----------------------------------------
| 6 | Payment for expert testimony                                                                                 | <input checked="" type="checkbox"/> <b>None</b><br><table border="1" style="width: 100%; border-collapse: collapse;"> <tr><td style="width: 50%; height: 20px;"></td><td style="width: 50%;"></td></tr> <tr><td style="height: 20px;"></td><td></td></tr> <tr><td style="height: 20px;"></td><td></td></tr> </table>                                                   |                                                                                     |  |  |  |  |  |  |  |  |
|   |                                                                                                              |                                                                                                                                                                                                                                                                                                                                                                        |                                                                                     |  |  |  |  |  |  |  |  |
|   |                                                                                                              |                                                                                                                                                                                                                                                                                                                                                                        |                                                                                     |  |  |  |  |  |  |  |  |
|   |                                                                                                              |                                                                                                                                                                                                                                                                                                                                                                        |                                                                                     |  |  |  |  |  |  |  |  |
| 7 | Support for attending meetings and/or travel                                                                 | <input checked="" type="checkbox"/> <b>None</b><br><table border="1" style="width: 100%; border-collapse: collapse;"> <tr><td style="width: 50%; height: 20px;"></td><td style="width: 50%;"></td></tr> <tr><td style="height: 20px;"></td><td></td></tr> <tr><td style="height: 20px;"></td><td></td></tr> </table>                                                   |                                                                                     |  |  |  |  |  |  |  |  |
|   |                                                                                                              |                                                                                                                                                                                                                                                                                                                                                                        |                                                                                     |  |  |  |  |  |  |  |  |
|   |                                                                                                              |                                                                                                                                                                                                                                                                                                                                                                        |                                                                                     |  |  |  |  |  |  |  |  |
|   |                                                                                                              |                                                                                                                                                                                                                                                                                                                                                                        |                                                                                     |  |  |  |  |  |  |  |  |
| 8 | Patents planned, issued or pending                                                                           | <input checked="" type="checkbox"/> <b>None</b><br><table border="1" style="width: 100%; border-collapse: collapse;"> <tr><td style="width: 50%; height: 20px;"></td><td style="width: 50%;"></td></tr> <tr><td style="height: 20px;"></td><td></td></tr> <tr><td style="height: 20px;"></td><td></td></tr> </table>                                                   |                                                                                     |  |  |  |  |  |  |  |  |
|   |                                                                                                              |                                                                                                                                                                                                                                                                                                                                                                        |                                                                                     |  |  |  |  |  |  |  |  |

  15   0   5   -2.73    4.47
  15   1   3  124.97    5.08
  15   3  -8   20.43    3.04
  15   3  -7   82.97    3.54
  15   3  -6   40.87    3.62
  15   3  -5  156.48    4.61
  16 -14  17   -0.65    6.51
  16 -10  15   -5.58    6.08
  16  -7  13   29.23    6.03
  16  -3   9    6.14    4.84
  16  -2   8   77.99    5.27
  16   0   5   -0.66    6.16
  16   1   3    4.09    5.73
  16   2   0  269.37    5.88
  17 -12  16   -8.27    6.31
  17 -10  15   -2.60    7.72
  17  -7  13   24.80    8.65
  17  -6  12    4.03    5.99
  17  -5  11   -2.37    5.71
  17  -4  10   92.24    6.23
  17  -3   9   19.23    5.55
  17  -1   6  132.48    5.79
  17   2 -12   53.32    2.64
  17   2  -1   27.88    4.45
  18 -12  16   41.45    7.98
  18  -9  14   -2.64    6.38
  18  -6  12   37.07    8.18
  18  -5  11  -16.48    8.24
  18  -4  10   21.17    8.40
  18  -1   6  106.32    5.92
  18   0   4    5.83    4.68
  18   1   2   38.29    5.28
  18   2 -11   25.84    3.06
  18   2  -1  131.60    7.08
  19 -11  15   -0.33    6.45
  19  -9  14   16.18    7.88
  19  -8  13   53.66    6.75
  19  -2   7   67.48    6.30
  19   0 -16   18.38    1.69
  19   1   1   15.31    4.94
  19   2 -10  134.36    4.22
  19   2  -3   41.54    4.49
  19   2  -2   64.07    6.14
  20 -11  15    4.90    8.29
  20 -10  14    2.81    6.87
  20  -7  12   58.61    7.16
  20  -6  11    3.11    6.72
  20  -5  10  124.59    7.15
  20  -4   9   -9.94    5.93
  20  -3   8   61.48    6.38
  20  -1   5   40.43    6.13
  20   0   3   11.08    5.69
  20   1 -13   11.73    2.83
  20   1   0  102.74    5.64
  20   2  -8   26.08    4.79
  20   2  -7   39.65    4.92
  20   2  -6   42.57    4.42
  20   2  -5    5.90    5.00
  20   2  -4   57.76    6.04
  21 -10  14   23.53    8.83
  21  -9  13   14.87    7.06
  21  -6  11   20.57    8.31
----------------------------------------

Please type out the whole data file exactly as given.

| 6 | Payment for expert testimony                                                                                 | <input checked="" type="checkbox"/> <b>None</b><br><table border="1" style="width: 100%; border-collapse: collapse;"> <tr><td style="width: 50%; height: 20px;"></td><td style="width: 50%;"></td></tr> <tr><td style="height: 20px;"></td><td></td></tr> <tr><td style="height: 20px;"></td><td></td></tr> </table>                                                   |                                                                                     |  |  |  |  |  |  |  |  |
|   |                                                                                                              |                                                                                                                                                                                                                                                                                                                                                                        |                                                                                     |  |  |  |  |  |  |  |  |
|   |                                                                                                              |                                                                                                                                                                                                                                                                                                                                                                        |                                                                                     |  |  |  |  |  |  |  |  |
|   |                                                                                                              |                                                                                                                                                                                                                                                                                                                                                                        |                                                                                     |  |  |  |  |  |  |  |  |
| 7 | Support for attending meetings and/or travel                                                                 | <input checked="" type="checkbox"/> <b>None</b><br><table border="1" style="width: 100%; border-collapse: collapse;"> <tr><td style="width: 50%; height: 20px;"></td><td style="width: 50%;"></td></tr> <tr><td style="height: 20px;"></td><td></td></tr> <tr><td style="height: 20px;"></td><td></td></tr> </table>                                                   |                                                                                     |  |  |  |  |  |  |  |  |
|   |                                                                                                              |                                                                                                                                                                                                                                                                                                                                                                        |                                                                                     |  |  |  |  |  |  |  |  |
|   |                                                                                                              |                                                                                                                                                                                                                                                                                                                                                                        |                                                                                     |  |  |  |  |  |  |  |  |
|   |                                                                                                              |                                                                                                                                                                                                                                                                                                                                                                        |                                                                                     |  |  |  |  |  |  |  |  |
| 8 | Patents planned, issued or pending                                                                           | <input checked="" type="checkbox"/> <b>None</b><br><table border="1" style="width: 100%; border-collapse: collapse;"> <tr><td style="width: 50%; height: 20px;"></td><td style="width: 50%;"></td></tr> <tr><td style="height: 20px;"></td><td></td></tr> <tr><td style="height: 20px;"></td><td></td></tr> </table>                                                   |                                                                                     |  |  |  |  |  |  |  |  |
|   |                                                                                                              |                                                                                                                                                                                                                                                                                                                                                                        |                                                                                     |  |  |  |  |  |  |  |  |

  15   0   5   -2.73    4.47
  15   1   3  124.97    5.08
  15   3  -8   20.43    3.04
  15   3  -7   82.97    3.54
  15   3  -6   40.87    3.62
  15   3  -5  156.48    4.61
  16 -14  17   -0.65    6.51
  16 -10  15   -5.58    6.08
  16  -7  13   29.23    6.03
  16  -3   9    6.14    4.84
  16  -2   8   77.99    5.27
  16   0   5   -0.66    6.16
  16   1   3    4.09    5.73
  16   2   0  269.37    5.88
  17 -12  16   -8.27    6.31
  17 -10  15   -2.60    7.72
  17  -7  13   24.80    8.65
  17  -6  12    4.03    5.99
  17  -5  11   -2.37    5.71
  17  -4  10   92.24    6.23
  17  -3   9   19.23    5.55
  17  -1   6  132.48    5.79
  17   2 -12   53.32    2.64
  17   2  -1   27.88    4.45
  18 -12  16   41.45    7.98
  18  -9  14   -2.64    6.38
  18  -6  12   37.07    8.18
  18  -5  11  -16.48    8.24
  18  -4  10   21.17    8.40
  18  -1   6  106.32    5.92
  18   0   4    5.83    4.68
  18   1   2   38.29    5.28
  18   2 -11   25.84    3.06
  18   2  -1  131.60    7.08
  19 -11  15   -0.33    6.45
  19  -9  14   16.18    7.88
  19  -8  13   53.66    6.75
  19  -2   7   67.48    6.30
  19   0 -16   18.38    1.69
  19   1   1   15.31    4.94
  19   2 -10  134.36    4.22
  19   2  -3   41.54    4.49
  19   2  -2   64.07    6.14
  20 -11  15    4.90    8.29
  20 -10  14    2.81    6.87
  20  -7  12   58.61    7.16
  20  -6  11    3.11    6.72
  20  -5  10  124.59    7.15
  20  -4   9   -9.94    5.93
  20  -3   8   61.48    6.38
  20  -1   5   40.43    6.13
  20   0   3   11.08    5.69
  20   1 -13   11.73    2.83
  20   1   0  102.74    5.64
  20   2  -8   26.08    4.79
  20   2  -7   39.65    4.92
  20   2  -6   42.57    4.42
  20   2  -5    5.90    5.00
  20   2  -4   57.76    6.04
  21 -10  14   23.53    8.83
  21  -9  13   14.87    7.06
  21  -6  11   20.57    8.31